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Is Australian Academic Freedom Dead In The Water?

reef protesters

To paraphrase the US conservative commentator Victor Davis Hanson, ‘95 percent of university academics are politically left while 100 percent of university administrators are’.

That strikes me as about right in Australia too. Which brings us to Professor Peter Ridd and his dismissal from James Cook University.

As virtually every Speccie reader will by now know, last week Ridd lost on appeal in the Federal Court, 2-1. The majority justices, in a joint judgment, held for JCU, while Justice Rangiah, in part, went with Ridd.

Now before I take you briefly through the key parts of the decision, let me remind you of the core factual background.

Back in 2016, Professor Ridd took issue with some colleagues and their claims about the state of the Great Barrier Reef. Ridd thought what they were saying about the reef was untrustworthy, misleading, even fraudulent.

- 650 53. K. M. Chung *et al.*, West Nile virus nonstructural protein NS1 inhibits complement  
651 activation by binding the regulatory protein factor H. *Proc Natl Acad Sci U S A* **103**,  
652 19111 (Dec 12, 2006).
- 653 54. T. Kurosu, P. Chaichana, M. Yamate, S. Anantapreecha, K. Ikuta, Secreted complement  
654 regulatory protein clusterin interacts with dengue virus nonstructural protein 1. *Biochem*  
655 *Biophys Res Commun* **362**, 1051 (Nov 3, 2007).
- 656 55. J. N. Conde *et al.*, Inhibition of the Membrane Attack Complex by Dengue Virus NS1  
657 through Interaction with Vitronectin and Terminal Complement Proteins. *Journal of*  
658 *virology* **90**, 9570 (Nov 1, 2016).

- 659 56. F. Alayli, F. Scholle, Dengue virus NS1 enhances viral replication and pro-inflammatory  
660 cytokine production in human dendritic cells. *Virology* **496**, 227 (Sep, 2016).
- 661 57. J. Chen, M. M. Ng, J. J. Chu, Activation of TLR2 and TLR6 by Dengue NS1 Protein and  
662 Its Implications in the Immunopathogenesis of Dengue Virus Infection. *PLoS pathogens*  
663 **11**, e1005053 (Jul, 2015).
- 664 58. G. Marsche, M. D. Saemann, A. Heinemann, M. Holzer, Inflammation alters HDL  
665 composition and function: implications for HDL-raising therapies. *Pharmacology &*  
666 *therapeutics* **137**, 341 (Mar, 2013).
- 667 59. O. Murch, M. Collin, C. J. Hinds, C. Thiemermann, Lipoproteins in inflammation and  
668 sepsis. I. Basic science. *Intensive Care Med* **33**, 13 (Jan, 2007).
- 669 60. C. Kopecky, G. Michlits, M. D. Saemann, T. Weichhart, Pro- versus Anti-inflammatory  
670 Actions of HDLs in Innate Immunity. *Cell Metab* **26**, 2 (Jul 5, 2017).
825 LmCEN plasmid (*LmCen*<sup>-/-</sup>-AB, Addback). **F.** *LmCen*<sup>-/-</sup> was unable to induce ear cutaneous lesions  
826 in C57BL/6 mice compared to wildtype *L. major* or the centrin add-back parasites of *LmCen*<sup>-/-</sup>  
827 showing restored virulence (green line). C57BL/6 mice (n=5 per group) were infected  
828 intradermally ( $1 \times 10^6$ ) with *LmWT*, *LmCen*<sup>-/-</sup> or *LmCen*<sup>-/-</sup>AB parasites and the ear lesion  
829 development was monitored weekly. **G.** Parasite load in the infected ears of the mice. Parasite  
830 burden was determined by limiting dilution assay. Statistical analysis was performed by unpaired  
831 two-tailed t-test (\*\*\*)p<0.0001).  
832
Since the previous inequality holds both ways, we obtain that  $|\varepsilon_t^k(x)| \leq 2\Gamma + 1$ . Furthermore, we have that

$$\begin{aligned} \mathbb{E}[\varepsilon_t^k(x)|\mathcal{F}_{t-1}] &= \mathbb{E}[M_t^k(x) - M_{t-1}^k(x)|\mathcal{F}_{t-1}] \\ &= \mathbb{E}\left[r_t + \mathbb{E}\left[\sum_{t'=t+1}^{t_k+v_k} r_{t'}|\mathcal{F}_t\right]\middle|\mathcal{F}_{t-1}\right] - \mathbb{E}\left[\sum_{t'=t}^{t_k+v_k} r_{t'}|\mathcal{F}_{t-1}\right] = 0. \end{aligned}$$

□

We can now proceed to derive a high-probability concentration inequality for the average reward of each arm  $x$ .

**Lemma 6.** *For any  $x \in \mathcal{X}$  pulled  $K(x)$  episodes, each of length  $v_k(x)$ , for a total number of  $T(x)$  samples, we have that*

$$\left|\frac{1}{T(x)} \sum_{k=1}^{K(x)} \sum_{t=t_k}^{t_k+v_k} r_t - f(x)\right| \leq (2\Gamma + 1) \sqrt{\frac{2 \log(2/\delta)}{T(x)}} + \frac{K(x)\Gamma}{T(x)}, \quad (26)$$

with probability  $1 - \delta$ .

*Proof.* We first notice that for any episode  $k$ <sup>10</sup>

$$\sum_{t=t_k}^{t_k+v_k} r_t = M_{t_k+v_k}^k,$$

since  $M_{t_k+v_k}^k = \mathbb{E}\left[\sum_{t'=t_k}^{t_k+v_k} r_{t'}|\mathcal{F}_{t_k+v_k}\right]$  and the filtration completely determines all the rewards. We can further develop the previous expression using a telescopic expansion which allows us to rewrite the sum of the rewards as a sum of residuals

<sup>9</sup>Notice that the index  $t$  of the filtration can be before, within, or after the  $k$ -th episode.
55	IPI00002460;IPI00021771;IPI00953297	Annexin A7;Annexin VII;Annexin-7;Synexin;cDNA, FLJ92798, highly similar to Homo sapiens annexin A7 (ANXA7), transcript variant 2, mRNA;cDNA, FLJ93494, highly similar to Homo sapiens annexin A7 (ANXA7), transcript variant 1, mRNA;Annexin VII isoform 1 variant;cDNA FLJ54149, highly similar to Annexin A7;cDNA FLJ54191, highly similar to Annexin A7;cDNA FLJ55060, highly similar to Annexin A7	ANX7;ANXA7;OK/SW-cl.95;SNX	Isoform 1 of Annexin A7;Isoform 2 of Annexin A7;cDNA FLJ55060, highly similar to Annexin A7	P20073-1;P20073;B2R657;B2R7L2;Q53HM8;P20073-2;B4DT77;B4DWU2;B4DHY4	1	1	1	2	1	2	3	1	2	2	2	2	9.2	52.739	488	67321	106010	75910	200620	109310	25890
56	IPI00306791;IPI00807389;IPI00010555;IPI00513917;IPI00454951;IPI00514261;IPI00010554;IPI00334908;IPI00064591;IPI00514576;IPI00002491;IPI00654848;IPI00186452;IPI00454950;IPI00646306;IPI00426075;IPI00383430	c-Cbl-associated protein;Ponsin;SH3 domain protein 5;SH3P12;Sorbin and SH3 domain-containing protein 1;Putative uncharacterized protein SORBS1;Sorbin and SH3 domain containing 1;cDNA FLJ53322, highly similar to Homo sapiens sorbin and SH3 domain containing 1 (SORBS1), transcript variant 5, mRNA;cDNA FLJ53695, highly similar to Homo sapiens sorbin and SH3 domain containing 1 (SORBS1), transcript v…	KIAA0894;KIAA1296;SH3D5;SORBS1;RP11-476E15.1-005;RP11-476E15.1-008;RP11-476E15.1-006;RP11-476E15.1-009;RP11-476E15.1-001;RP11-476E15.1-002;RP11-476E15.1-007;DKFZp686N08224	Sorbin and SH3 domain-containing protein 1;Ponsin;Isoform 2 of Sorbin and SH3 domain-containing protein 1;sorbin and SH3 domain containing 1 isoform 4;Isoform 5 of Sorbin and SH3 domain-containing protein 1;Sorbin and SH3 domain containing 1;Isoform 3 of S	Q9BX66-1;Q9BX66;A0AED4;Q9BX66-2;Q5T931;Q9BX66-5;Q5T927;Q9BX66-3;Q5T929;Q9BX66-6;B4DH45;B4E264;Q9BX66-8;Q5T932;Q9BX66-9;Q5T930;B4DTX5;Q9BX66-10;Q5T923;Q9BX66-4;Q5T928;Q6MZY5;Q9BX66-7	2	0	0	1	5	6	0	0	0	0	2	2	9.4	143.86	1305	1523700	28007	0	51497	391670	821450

He said so on TV and online, without the well-mannered urbanity, politesse and civility one might find in the finer salons of Victorian England.

JCU brought disciplinary proceedings, tried to impose confidentiality on those proceedings, and in May 2018 fired the professor.

Ridd sued and won at first instance, awarded a little over a million dollars in damages. JCU, using your tax dollars, took that to appeal. And last week they won, 2-1.

The core issue was how to read the ‘intellectual freedom’ provisions in the Enterprise Agreement (EA) against the Code of Conduct.

EA Clause 14.1 states that JCU is committed to intellectual freedom (though with in-built limits in 14.3 regarding bullying and intimidating, etc.) and to the Code. EA Clause 13.3 says the Code is not intended to detract from Clause 14’s intellectual freedom.

And the Code, in a nutshell, imposes all sorts of limits on the full-blooded, vigorous, satirical exchange of ideas.

JCU basically argued that the exercise of intellectual freedom was subject to the Code, so breach the Code and that can be misconduct and serious misconduct and sayonara to the outspoken professor.

Ridd, by contrast, essentially argued that the Code cannot limit his Clause 14 intellectual freedom – best argued in terms that when there is an inconsistency between the EA and Code, the former prevails.